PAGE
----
The raids also were significant, he noted, because they substantiated “suspected close ties” with online sellers of counterfeit products. The people and places raided in October 2002 were major suppliers of fakegifts.com and other Web sites, as well as of street vendors in New York City, Los Angeles, and other U.S. locations. So, the raids “confirmed what we believed,” Frisanco said. “There’s no difference between online counterfeiting and traditional counterfeiting, in terms of the actors involved and the problem’s dimension. Counterfeiters have simply taken advantage of the possibilities offered by the Internet.”

$4.8 million penalty. In March of this year, Cartier returned to court with new evidence that the six companies allegedly continued to make and sell fake watches, despite the court’s restraining order. On April 15, Griesa ordered the defendants to pay $4.8 million to Cartier and the other plaintiffs in the original complaint. “The objective of the court is to stop this counterfeit operation wherever these people are carrying it out,” he wrote, “and the court will pursue this every way within the law that it can be done.”

The defendants, all U.S. citizens, have challenged Cartier’s allegations in court, and their companies were, at press time, still open. Judge Griesa was expected to render a verdict on the Cartier/Richemont August 2001 complaint by early summer.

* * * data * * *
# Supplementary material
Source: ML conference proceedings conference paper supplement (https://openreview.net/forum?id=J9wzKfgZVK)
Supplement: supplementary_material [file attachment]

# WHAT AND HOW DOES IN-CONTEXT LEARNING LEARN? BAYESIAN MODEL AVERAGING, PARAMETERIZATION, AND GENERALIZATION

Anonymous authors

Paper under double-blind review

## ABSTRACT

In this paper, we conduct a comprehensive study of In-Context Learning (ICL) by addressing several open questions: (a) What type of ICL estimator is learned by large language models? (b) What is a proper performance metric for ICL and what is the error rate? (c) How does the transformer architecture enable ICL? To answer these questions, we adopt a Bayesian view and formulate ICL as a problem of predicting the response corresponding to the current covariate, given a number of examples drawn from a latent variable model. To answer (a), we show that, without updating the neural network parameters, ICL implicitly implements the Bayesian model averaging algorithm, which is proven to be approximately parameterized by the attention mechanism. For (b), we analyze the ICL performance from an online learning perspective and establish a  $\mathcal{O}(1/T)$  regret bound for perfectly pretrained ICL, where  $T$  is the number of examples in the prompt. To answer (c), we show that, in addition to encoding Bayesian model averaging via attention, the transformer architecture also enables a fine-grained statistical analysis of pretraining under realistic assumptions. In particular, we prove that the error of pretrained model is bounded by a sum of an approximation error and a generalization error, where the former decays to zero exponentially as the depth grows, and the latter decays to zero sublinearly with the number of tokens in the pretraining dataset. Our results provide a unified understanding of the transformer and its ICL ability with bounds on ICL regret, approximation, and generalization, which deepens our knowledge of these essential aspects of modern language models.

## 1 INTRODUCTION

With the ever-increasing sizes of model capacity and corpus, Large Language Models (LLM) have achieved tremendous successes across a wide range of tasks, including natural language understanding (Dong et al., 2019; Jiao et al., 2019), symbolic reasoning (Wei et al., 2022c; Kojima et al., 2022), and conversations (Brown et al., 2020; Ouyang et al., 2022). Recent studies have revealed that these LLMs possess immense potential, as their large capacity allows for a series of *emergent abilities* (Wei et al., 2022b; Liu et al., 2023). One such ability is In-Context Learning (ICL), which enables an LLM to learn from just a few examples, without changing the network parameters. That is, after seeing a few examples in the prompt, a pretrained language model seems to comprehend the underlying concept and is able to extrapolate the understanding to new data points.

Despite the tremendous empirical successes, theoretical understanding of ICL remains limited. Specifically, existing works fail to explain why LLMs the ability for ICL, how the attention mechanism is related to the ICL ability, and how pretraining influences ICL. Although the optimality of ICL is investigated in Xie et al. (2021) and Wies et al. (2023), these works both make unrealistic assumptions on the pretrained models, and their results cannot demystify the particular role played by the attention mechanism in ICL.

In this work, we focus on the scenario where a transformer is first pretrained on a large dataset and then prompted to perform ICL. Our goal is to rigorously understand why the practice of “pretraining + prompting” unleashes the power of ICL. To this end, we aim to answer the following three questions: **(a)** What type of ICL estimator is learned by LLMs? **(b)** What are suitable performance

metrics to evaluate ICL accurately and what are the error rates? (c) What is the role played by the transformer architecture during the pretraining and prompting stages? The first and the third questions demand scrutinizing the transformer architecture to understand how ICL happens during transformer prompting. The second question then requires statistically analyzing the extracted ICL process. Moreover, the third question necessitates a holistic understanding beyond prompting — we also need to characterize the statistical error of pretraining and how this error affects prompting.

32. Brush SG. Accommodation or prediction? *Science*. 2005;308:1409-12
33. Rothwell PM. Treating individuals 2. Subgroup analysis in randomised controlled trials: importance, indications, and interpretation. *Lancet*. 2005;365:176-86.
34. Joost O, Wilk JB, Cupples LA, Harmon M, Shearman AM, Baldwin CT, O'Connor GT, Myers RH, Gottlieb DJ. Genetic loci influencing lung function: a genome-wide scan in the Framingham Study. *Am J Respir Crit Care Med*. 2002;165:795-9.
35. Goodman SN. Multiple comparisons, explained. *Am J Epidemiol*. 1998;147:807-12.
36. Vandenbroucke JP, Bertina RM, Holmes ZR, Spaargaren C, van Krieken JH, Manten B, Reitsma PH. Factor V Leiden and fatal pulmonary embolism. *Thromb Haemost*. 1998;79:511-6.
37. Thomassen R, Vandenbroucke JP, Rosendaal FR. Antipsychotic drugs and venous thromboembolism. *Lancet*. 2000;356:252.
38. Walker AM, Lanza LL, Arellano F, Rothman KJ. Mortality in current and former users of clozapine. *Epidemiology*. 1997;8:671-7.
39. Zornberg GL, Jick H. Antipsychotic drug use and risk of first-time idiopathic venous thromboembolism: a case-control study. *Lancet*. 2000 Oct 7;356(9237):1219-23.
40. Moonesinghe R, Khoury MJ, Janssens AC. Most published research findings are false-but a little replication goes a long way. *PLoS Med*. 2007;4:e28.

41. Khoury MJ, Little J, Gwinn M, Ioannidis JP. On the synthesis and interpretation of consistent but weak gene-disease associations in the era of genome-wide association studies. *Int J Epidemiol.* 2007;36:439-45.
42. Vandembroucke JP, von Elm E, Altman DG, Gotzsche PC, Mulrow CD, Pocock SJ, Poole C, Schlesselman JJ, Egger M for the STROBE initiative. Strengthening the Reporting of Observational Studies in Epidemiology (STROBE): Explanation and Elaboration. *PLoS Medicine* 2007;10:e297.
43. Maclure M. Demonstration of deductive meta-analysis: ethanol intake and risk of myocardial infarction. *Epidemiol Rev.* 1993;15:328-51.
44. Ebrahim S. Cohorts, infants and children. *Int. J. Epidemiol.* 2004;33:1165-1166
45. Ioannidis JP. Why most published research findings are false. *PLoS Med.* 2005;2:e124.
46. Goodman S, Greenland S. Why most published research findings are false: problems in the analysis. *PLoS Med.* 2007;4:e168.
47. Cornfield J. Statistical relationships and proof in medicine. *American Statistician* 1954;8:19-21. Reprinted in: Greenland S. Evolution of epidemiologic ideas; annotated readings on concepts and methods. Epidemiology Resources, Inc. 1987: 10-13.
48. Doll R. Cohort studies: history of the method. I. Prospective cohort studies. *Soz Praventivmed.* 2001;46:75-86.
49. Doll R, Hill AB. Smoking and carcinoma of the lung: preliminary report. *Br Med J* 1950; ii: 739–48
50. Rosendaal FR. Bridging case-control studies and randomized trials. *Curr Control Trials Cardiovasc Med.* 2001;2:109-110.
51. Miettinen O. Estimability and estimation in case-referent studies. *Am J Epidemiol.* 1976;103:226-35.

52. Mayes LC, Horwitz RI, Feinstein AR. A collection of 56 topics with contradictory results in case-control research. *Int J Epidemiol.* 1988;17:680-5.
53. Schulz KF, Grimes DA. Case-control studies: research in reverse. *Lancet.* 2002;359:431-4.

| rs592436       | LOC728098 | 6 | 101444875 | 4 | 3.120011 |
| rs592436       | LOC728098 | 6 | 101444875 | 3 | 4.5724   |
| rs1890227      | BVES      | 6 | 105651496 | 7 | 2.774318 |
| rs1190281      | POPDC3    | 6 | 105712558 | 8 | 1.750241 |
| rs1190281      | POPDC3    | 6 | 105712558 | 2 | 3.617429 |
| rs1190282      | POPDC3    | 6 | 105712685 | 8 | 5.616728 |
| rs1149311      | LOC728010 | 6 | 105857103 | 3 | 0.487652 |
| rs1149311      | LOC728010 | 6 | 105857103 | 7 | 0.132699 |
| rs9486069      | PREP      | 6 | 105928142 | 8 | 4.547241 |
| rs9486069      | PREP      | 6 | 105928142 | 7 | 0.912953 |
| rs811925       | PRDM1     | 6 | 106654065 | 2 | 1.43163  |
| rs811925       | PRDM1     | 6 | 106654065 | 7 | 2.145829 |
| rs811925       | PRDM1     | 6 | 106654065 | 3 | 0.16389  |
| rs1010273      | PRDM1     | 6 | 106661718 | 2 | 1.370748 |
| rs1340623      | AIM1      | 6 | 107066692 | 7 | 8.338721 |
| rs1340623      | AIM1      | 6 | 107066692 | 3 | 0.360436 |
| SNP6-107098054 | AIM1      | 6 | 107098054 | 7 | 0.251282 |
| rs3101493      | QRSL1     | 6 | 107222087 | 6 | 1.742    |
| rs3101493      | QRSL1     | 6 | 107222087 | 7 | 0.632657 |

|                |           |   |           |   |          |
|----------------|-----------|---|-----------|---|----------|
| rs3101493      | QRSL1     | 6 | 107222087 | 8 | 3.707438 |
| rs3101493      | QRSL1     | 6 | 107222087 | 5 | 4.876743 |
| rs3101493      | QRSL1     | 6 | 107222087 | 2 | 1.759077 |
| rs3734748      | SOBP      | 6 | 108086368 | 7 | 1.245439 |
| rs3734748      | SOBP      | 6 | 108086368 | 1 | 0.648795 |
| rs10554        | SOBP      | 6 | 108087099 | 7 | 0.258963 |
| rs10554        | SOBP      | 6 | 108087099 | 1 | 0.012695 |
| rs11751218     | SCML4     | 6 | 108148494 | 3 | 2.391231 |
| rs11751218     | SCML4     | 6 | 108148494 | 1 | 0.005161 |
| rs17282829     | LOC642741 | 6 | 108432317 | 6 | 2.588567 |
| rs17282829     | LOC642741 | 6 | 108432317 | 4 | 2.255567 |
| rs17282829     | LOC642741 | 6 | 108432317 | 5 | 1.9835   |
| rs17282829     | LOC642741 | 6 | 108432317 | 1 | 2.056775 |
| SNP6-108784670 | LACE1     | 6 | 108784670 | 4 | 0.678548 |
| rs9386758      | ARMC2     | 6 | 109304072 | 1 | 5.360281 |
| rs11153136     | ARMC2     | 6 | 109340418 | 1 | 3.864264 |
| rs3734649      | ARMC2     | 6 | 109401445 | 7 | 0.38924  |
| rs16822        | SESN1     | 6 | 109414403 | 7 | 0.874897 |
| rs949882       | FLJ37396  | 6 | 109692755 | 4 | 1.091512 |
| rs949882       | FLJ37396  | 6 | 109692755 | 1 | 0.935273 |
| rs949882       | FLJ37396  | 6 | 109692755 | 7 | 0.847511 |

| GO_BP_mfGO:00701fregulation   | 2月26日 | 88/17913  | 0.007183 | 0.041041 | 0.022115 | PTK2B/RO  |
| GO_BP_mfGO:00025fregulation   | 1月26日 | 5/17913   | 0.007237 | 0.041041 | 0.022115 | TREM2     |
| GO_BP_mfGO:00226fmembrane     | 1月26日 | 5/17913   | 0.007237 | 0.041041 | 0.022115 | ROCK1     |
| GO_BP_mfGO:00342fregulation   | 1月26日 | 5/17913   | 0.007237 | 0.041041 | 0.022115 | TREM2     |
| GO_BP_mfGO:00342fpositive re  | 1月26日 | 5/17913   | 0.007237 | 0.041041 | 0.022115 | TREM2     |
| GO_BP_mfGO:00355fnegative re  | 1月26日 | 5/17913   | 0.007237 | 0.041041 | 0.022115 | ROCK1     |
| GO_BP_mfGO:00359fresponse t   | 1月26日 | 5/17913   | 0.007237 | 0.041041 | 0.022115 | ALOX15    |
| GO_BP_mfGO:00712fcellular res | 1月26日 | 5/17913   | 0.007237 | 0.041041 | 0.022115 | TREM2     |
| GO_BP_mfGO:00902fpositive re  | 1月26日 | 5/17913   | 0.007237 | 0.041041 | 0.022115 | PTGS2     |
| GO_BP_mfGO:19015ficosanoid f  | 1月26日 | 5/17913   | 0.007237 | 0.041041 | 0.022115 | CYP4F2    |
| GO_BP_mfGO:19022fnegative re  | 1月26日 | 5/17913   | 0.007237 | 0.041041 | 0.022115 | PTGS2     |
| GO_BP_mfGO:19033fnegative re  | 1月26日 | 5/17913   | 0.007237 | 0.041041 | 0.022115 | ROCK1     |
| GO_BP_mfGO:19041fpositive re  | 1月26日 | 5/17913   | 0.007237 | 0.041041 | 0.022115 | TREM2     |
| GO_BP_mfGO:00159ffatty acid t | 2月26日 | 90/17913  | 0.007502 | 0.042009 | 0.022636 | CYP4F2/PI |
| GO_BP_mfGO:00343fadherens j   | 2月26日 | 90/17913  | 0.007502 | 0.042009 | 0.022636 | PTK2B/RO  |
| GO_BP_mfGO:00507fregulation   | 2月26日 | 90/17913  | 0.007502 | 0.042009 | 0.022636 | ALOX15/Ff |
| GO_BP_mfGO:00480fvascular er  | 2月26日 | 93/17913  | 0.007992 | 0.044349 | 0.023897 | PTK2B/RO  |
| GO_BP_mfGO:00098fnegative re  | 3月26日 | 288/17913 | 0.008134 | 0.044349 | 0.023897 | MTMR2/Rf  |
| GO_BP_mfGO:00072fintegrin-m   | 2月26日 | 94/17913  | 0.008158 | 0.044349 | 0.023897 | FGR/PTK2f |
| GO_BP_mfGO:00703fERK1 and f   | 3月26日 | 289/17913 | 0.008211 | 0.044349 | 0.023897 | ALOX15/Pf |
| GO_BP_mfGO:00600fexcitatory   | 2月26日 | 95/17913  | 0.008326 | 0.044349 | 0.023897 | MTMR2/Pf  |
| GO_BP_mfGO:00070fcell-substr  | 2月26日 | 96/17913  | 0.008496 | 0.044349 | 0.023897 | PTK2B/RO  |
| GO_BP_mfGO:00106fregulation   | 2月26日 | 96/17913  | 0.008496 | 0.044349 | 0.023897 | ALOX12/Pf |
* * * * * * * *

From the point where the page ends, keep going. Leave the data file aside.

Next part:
Based on the substantial evidence submitted, the annual volume of the defendants’ companies (“at least $1 million annually,” says Frisanco), the court’s actions in authorizing seizure of merchandise and assets, and the contempt-of-court penalty, Frisanco predicted a judgment awarding “millions of dollars in damages” to Cartier and its associate brands.

Despite this substantial success, Frisanco—who has pursued counterfeiters for Cartier for more than 20 years—is not naïve enough to think this will end the counterfeiting problem in the United States.

“We’ve dismantled a major network,” he told JCK, “but you can be sure that due to the big money involved and greed, new people will come to fill the vacuum that has been created.”

The October raids marked the second breakup in 2002 of a major counterfeiting ring in New York City. In May, law enforcement officials cracked a ring near Chinatown that made fake watches, handbags, sunglasses, videos, computer games, DVDs, and CDs.